The ups and downs of a comet’s surface

This time last year little was known about Agilkia, the area chosen as Philaes landing site. One year on and the situation has changed, thanks to remote and in-situ measurements that have contributed to building up a picture of this iconic area on the comet.

As can be seen from the many results reported in this blog, Rosetta is providing unrivalled information about the surface of comet 67P/Churyumov-Gerasimenko. One team has been looking in particular at the region around where Philae touched down in order to put the lander’s results in their correct global context.

The Agilkia area on comet 67P/Churyumov-Gerasimenko. The circle indicates where Philae touched down for the first time on 12 November 2014. The dashed line marks the comet’s equator. The large depression is the Hatmehit region. This image is a composite of five frames from the OSIRIS Narrow Angle Camera.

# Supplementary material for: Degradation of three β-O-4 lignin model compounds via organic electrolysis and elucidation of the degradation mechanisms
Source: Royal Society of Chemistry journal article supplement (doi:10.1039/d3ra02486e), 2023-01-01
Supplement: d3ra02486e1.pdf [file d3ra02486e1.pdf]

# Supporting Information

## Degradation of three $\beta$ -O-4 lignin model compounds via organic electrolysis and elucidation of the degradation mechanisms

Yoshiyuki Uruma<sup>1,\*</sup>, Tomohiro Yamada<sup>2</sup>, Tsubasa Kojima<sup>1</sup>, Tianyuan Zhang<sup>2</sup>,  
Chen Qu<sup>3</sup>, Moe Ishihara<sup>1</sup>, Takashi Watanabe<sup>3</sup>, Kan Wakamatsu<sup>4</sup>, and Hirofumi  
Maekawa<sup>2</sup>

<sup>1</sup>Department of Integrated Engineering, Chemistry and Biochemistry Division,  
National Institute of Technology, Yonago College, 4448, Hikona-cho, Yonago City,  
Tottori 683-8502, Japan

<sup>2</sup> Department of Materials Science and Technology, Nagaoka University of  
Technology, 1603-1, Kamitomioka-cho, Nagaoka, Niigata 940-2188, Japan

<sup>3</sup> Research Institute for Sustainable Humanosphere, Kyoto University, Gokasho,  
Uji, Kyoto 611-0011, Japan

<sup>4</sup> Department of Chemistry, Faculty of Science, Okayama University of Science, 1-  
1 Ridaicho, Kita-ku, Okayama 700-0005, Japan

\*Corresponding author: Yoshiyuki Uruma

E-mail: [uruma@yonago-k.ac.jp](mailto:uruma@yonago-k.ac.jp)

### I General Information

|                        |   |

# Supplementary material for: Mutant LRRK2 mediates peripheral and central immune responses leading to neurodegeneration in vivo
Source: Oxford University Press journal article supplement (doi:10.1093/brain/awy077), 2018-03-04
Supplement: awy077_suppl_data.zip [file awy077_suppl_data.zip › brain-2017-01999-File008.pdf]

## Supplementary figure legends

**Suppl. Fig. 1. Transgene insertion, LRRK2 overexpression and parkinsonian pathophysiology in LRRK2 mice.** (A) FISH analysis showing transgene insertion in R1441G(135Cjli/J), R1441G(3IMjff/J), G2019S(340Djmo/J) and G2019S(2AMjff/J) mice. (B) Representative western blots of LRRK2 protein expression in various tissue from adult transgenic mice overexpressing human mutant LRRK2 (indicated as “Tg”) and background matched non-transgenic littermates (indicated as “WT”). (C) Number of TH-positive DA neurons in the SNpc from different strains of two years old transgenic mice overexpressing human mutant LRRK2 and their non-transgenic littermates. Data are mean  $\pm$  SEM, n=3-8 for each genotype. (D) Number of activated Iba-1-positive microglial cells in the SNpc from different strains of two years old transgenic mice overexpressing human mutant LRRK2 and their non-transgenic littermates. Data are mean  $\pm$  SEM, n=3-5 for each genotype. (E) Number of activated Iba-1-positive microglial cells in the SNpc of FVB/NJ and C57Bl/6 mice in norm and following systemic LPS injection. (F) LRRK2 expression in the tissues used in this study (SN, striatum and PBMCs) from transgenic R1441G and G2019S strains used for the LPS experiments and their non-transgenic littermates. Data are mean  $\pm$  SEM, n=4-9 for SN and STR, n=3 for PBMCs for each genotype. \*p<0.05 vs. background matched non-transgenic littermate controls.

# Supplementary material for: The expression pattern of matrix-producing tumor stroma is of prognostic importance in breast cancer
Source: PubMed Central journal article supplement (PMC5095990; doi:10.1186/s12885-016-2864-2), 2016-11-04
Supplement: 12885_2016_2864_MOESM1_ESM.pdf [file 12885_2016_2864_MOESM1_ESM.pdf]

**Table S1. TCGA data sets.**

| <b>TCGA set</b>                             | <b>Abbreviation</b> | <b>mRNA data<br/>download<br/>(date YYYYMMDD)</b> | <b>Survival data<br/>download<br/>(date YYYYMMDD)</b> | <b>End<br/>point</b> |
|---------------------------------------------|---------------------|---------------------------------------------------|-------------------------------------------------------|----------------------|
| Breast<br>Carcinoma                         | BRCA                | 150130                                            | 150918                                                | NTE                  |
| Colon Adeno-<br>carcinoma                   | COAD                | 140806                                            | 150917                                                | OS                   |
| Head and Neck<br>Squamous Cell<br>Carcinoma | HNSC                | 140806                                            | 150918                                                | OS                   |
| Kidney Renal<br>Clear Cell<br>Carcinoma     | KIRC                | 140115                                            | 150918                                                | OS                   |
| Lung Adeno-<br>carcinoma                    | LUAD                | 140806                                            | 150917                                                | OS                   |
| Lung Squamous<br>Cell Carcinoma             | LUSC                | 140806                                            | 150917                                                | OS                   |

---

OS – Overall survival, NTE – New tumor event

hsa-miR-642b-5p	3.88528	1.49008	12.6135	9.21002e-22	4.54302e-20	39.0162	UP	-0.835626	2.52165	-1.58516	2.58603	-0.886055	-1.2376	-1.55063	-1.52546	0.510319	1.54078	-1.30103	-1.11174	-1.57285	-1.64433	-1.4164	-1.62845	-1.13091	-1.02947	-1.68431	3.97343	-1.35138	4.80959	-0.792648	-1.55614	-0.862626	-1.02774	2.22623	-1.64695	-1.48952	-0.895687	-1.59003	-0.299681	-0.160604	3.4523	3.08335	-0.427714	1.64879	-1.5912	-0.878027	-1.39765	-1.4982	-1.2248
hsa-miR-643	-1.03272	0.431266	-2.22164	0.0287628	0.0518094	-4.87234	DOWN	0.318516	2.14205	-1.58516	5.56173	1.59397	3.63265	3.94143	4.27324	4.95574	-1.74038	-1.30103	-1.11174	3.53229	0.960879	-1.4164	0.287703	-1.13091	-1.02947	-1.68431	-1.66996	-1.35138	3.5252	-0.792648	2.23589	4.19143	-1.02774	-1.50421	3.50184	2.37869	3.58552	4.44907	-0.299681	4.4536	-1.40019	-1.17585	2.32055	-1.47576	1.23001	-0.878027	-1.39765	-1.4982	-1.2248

The Agilkia area on comet 67P/Churyumov-Gerasimenko. The circle indicates where Philae touched down for the first time on 12 November 2014. The dashed line marks the comet’s equator. The large depression is the Hatmehit region. This image is a composite of five frames from the OSIRIS Narrow Angle Camera, acquired on 14-15 September 2014. (An unannotated version of this image is available here.)Credit: ESA/Rosetta/MPS for OSIRIS Team MPS/UPD/LAM/IAA/SSO/INTA/UPM/DASP/IDA

Agilkia was the name chosen for the 1 km^2 landing ellipse at which Philae was targeted. Last year, as Rosetta drew closer to the comet, smaller and more distinct terrains within this ellipse became apparent. Fiorangela La Forgia, of the University of Padova, Italy, and colleagues have studied images from OSIRIS, the science camera on Rosetta, to define these areas according to their geological appearance.